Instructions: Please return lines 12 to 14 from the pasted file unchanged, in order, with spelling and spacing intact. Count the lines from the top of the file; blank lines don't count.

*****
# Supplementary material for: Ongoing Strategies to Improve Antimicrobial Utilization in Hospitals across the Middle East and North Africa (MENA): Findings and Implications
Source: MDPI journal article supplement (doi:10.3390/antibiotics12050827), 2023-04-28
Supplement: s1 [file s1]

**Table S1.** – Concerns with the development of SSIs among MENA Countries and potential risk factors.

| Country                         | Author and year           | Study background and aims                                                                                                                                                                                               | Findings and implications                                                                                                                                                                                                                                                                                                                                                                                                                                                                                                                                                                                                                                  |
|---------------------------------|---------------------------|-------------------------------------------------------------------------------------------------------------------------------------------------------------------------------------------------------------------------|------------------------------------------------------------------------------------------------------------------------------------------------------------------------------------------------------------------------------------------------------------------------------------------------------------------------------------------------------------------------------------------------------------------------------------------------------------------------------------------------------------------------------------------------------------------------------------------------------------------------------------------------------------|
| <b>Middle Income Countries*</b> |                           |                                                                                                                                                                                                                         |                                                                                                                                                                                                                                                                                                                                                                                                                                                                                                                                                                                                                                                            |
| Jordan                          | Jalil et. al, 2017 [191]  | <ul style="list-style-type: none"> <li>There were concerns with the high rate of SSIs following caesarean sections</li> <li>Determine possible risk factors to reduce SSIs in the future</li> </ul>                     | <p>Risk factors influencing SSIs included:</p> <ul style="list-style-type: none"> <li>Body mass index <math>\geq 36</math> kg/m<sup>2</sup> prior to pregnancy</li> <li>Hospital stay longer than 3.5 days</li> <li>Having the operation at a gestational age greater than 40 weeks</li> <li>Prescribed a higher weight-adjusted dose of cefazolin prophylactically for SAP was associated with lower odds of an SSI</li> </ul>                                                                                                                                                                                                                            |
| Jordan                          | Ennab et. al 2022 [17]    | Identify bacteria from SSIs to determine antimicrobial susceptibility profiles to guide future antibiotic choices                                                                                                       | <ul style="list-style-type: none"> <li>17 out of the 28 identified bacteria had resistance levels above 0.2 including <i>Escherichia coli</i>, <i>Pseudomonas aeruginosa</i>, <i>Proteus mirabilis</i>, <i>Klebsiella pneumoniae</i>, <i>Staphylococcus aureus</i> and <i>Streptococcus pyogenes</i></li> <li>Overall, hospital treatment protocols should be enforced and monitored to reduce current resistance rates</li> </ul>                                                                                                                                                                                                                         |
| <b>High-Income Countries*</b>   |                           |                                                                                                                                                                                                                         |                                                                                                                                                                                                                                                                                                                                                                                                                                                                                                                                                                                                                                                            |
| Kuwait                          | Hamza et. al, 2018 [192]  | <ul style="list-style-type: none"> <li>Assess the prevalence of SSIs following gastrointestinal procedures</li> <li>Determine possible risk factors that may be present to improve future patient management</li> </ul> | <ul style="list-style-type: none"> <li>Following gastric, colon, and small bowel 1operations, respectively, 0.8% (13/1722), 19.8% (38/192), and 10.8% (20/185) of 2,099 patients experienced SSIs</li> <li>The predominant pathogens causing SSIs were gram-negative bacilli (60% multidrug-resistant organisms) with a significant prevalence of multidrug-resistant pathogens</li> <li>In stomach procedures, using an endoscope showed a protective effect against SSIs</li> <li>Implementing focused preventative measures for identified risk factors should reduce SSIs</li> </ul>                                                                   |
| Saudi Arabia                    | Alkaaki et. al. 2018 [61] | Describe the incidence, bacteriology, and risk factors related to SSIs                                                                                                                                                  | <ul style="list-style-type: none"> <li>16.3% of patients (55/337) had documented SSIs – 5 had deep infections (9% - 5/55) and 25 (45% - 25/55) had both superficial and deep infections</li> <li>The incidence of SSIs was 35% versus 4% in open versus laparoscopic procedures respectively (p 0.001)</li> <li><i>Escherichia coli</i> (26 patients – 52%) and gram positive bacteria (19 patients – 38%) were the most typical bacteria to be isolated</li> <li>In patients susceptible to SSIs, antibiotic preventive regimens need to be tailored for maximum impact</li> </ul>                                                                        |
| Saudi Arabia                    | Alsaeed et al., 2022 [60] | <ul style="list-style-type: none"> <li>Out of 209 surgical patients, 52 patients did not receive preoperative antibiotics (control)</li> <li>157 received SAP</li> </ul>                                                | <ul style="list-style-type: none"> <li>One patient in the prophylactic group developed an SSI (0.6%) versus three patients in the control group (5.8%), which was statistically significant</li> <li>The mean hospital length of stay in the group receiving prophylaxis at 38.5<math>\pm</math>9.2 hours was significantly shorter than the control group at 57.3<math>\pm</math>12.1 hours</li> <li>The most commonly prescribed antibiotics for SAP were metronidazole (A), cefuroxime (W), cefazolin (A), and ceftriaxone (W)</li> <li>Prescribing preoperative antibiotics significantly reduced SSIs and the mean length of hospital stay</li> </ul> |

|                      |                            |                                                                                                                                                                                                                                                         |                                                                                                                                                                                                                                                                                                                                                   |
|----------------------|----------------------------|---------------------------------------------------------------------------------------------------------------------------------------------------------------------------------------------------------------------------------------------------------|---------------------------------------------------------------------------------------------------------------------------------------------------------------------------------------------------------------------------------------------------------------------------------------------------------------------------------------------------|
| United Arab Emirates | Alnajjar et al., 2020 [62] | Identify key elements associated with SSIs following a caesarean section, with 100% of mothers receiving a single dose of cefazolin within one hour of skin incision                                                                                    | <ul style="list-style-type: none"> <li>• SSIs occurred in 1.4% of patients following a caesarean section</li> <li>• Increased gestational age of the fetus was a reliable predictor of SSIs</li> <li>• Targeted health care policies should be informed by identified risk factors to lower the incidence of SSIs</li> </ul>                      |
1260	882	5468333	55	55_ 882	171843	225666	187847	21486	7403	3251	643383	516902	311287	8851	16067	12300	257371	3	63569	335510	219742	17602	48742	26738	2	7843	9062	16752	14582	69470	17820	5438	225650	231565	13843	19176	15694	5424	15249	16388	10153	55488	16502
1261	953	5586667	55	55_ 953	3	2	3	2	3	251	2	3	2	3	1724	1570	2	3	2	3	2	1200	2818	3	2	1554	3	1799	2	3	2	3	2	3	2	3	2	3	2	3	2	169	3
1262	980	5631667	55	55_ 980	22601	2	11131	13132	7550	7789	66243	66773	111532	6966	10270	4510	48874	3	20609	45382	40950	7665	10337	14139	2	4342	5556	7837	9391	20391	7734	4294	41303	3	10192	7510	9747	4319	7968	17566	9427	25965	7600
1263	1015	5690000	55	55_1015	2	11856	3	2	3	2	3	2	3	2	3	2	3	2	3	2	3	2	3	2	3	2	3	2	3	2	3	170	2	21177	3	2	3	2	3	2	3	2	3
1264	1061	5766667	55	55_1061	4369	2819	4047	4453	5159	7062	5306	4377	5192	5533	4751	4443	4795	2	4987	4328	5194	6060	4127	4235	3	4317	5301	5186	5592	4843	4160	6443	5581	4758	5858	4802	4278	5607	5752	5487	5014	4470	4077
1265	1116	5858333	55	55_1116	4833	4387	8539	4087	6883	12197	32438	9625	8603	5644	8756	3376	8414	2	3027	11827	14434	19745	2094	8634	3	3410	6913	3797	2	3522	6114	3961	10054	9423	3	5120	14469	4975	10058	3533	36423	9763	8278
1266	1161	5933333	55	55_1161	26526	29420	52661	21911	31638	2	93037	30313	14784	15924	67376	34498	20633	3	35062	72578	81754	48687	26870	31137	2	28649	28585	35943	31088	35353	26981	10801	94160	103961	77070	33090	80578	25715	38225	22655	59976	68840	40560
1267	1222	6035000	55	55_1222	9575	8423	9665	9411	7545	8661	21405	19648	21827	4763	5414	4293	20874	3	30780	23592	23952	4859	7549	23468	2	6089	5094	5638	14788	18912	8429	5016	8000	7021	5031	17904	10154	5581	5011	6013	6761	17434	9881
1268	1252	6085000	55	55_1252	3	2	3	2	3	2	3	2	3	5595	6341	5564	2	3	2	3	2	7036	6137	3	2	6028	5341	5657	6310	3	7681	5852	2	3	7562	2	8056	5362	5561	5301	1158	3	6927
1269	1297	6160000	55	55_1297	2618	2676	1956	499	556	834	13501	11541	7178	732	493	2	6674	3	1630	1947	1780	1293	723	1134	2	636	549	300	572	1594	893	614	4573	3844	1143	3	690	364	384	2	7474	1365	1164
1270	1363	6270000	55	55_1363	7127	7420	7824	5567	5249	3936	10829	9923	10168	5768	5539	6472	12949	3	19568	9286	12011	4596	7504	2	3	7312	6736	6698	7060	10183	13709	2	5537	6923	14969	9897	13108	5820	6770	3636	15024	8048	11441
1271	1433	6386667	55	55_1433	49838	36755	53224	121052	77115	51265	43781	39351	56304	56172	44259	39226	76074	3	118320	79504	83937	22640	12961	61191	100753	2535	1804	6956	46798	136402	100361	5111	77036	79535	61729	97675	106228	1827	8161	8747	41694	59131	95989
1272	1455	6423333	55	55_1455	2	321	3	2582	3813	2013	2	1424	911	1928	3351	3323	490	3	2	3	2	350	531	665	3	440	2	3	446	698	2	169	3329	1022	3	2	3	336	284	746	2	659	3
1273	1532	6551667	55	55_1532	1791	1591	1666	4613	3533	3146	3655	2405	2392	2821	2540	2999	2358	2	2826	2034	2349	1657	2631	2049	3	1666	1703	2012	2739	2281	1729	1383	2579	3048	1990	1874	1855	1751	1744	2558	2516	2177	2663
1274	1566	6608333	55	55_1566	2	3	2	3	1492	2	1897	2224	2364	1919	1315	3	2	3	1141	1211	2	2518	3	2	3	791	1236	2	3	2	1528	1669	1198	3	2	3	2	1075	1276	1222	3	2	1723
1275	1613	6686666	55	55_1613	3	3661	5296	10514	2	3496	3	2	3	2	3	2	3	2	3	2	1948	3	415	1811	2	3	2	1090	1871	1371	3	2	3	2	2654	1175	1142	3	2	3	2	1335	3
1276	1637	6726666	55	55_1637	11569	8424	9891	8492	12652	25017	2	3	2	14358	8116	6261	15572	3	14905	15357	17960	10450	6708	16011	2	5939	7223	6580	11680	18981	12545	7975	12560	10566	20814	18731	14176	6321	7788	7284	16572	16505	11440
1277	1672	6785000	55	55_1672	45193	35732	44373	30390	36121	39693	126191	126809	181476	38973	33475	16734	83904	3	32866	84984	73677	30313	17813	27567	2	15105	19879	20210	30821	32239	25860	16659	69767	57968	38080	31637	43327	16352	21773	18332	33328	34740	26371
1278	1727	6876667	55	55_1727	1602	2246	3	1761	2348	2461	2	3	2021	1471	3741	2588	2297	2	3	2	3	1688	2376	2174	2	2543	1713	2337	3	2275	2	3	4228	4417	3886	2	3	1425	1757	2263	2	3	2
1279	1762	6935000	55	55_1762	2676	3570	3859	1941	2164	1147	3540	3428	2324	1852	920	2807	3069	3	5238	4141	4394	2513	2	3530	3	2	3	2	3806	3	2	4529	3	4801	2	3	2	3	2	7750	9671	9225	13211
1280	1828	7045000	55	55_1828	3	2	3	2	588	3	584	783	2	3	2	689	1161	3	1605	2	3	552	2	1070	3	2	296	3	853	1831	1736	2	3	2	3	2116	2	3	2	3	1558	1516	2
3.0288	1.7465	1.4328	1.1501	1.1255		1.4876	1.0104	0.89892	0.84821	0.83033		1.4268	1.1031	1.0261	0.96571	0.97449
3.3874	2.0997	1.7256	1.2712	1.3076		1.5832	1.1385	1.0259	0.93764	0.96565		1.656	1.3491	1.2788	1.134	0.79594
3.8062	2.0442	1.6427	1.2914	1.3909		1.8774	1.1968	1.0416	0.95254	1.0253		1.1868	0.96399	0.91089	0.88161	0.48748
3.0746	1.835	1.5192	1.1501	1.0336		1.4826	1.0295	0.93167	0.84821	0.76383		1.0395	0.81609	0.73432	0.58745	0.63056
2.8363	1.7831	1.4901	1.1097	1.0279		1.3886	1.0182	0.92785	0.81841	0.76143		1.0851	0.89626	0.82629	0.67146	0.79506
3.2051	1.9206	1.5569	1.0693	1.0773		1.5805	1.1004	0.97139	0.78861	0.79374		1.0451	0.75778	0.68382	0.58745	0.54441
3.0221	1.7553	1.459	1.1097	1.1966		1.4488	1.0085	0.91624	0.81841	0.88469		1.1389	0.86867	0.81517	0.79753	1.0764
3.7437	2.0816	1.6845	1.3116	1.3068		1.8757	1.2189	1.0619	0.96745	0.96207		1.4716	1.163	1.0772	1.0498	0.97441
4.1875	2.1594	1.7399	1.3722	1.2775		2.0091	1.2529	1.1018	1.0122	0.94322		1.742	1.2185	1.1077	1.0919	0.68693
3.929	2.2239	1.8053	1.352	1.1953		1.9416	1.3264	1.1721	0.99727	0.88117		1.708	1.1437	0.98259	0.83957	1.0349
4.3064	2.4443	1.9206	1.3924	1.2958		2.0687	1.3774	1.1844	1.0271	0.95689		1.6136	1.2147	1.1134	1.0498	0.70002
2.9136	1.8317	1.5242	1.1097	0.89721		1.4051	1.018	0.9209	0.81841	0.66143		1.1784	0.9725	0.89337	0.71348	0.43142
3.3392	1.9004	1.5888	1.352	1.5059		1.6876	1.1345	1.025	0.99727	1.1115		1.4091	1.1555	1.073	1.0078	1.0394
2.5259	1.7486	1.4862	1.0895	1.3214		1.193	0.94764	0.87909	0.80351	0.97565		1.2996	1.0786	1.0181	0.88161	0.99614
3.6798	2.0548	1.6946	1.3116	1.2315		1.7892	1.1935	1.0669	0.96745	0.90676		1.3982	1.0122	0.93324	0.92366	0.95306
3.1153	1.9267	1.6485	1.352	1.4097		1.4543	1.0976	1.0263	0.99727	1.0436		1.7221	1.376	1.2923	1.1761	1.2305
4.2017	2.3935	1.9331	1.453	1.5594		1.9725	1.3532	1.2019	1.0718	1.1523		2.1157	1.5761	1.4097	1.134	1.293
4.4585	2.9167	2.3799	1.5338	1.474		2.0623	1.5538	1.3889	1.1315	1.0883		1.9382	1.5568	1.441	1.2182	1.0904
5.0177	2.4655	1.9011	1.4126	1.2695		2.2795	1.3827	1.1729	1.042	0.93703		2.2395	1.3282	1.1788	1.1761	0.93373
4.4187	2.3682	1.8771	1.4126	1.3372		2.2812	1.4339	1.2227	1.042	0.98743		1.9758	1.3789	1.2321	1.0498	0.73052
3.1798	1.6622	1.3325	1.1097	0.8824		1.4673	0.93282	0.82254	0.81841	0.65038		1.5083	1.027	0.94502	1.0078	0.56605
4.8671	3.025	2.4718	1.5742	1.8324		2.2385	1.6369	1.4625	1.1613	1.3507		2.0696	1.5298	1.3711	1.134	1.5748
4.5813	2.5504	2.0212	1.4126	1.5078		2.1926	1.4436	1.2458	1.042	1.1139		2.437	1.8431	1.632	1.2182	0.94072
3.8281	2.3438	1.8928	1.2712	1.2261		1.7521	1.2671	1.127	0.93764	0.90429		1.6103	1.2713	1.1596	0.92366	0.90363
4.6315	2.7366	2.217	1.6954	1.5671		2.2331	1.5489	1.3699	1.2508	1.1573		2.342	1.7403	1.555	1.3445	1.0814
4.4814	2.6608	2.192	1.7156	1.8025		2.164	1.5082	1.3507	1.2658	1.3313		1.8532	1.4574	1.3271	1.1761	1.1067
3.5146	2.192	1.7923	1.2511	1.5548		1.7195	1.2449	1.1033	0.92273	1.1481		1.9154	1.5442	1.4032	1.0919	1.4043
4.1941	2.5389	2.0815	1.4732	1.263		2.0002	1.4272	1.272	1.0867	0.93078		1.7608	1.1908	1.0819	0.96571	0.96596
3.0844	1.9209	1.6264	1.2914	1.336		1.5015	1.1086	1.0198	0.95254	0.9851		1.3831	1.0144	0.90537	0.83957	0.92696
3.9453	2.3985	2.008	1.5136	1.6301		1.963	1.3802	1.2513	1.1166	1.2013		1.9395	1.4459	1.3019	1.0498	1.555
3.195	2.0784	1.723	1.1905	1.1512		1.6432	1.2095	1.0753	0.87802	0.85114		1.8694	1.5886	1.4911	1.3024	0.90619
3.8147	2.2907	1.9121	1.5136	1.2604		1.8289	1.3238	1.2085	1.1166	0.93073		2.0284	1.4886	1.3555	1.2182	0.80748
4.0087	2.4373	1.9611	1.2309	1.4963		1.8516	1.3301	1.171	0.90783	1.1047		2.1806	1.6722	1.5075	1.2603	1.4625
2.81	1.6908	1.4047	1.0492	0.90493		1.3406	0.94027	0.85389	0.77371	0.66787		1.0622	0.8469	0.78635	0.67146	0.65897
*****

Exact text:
| Saudi Arabia                    | Alkaaki et. al. 2018 [61] | Describe the incidence, bacteriology, and risk factors related to SSIs                                                                                                                                                  | <ul style="list-style-type: none"> <li>16.3% of patients (55/337) had documented SSIs – 5 had deep infections (9% - 5/55) and 25 (45% - 25/55) had both superficial and deep infections</li> <li>The incidence of SSIs was 35% versus 4% in open versus laparoscopic procedures respectively (p 0.001)</li> <li><i>Escherichia coli</i> (26 patients – 52%) and gram positive bacteria (19 patients – 38%) were the most typical bacteria to be isolated</li> <li>In patients susceptible to SSIs, antibiotic preventive regimens need to be tailored for maximum impact</li> </ul>                                                                        |
| Saudi Arabia                    | Alsaeed et al., 2022 [60] | <ul style="list-style-type: none"> <li>Out of 209 surgical patients, 52 patients did not receive preoperative antibiotics (control)</li> <li>157 received SAP</li> </ul>                                                | <ul style="list-style-type: none"> <li>One patient in the prophylactic group developed an SSI (0.6%) versus three patients in the control group (5.8%), which was statistically significant</li> <li>The mean hospital length of stay in the group receiving prophylaxis at 38.5<math>\pm</math>9.2 hours was significantly shorter than the control group at 57.3<math>\pm</math>12.1 hours</li> <li>The most commonly prescribed antibiotics for SAP were metronidazole (A), cefuroxime (W), cefazolin (A), and ceftriaxone (W)</li> <li>Prescribing preoperative antibiotics significantly reduced SSIs and the mean length of hospital stay</li> </ul> |

|                      |                            |                                                                                                                                                                                                                                                         |                                                                                                                                                                                                                                                                                                                                                   |